“After seven years of shared life, due to anti-Semitic biases of her family and some say due to Michelle’s love for women, the couple separated,” states the 52-minute documentary, called Broken. “Shalom crashes, shatters... loses his sanity.”

Reiser returned to Israel in the early 1960s, but never married, and suffering from constant depression, was hospitalized in mental institutions for most of the next four decades.

He continued painting, periodically, in a style that art critics say is reminiscent of both Picasso and Chagall.

Photographer Aliza Auerbach, who took pictures of Reiser in 1983, recalls that he claimed to have drawn for Picasso.

“This is what he was saying all the time,” she said. “It was a rumor that was never confirmed.”

Art expert Gideon Ofrat is more skeptical about Reiser’s claim that Picasso “stole his dove.”

“I published a catalogue on Reiser more than 15 years ago, with the romantic and heroic story of his life,” Ofrat said. “It was for a retrospective of his work at the Swed Gallery near the King David Hotel. I interviewed him and met him often in cafes. He claimed that Picasso stole the dove from him. I always considered this nonsense. I never took it seriously. I am confident, with all due respect to Shalom, that Picasso didn’t need Reiser to invent his dove.”

Ofrat recalls that Reiser was buoyed by the retrospective, which had caused quite a stir and attracted artists from all over Israel.

“It was a very exciting event. I remember very clearly that thousands of people lined up outside the gallery to see his work, and Israel Television did a report on it, and this gave him a boost,” he said. “Reiser was a fine draftsman and artist, and had a good hand, but he never reached the point of originality and never offered a breakthrough in style. He was first of all a great story and a missed career. He could have been a great artist.”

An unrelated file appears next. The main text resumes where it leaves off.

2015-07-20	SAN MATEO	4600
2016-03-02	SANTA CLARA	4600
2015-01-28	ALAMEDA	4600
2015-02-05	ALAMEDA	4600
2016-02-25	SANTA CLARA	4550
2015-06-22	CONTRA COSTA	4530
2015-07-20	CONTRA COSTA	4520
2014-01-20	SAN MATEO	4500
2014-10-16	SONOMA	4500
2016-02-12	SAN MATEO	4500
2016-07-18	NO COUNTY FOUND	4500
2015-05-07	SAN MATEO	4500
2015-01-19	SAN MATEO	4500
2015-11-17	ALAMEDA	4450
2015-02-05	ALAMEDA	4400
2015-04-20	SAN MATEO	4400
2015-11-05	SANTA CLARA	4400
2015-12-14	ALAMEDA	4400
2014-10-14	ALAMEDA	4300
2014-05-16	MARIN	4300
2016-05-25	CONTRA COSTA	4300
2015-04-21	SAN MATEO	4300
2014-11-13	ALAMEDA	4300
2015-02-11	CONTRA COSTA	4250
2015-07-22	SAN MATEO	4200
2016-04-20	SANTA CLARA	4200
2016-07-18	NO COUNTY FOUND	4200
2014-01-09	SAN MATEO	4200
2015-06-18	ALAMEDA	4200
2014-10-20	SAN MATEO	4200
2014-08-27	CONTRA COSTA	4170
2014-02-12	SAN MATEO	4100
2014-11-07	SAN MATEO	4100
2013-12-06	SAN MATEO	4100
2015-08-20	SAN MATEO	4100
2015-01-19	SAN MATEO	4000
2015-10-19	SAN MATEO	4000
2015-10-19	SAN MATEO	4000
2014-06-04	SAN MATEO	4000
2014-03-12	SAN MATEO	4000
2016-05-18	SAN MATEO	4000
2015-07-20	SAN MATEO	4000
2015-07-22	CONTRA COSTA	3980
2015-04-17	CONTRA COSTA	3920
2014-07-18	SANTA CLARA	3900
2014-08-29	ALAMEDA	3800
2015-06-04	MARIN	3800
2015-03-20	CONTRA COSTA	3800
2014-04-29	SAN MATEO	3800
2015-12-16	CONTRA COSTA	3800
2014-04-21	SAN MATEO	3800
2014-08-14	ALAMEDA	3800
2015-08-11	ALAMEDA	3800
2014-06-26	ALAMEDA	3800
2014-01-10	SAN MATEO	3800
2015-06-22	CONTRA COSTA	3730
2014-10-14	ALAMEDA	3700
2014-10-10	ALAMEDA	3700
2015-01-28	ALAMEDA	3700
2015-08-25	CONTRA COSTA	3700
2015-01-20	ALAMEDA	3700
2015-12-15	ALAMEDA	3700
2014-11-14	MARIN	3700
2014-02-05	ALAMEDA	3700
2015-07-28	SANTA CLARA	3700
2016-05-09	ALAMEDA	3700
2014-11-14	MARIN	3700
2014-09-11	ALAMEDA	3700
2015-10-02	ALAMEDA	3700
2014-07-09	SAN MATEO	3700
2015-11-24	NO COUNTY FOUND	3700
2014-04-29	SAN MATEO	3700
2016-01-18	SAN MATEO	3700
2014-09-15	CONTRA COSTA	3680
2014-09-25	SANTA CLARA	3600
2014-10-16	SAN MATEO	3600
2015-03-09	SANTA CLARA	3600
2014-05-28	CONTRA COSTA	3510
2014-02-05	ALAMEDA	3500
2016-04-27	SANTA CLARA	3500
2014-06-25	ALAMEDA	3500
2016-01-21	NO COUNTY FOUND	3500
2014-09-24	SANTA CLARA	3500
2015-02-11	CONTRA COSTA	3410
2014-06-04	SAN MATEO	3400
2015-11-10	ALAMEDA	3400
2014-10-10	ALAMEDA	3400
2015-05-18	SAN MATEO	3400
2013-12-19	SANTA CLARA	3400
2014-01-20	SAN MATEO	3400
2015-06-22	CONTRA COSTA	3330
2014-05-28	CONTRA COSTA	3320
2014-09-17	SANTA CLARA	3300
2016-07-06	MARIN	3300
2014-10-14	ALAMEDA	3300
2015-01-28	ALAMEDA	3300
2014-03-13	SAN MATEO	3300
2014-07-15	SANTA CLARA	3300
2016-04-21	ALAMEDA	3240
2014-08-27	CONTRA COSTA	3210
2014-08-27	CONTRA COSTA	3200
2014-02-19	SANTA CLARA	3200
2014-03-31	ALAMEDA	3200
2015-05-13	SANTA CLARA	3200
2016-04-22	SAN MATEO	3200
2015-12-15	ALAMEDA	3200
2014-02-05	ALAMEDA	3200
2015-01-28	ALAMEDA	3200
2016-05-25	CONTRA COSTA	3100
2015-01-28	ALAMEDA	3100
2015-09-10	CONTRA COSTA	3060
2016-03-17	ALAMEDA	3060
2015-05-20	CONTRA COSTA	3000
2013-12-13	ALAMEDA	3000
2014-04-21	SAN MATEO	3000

Jerusalem artist Aliza Olmert, the wife of former prime minister Ehud Olmert, revealed once in an interview with Haaretz that Reiser had made her a collection of paintings on paper napkins.

“Artist Shalom Reiser used to drink tea regularly at the Savyon restaurant where I worked as a waitress for three years,” she is quoted as saying. “He was hospitalized in Talbiyeh and he used to limp over there in the evenings. He never had money. I used to pay for his tea and he would paint for me.”

Reiser painted doves on several occasions, and they bear a striking resemblance to Picasso’s. But who copied from whom remains a mystery.

Today, Rote is philosophical about the sketch hanging in his clinic. Its symbolism, rather than whether it was done by the world’s top-ranked artist or the mostly forgotten Reiser, his one-time patient, is what’s important to him.

“Maybe it isn’t a genuine Picasso,” he said with resignation, but quickly added, laughing: “I’ll tell you, though, if I knew then what I know now, I would have smashed open the glass and asked him [Reiser] to sign it.”

Reiser died in Jerusalem 10 years ago, at the age of 80.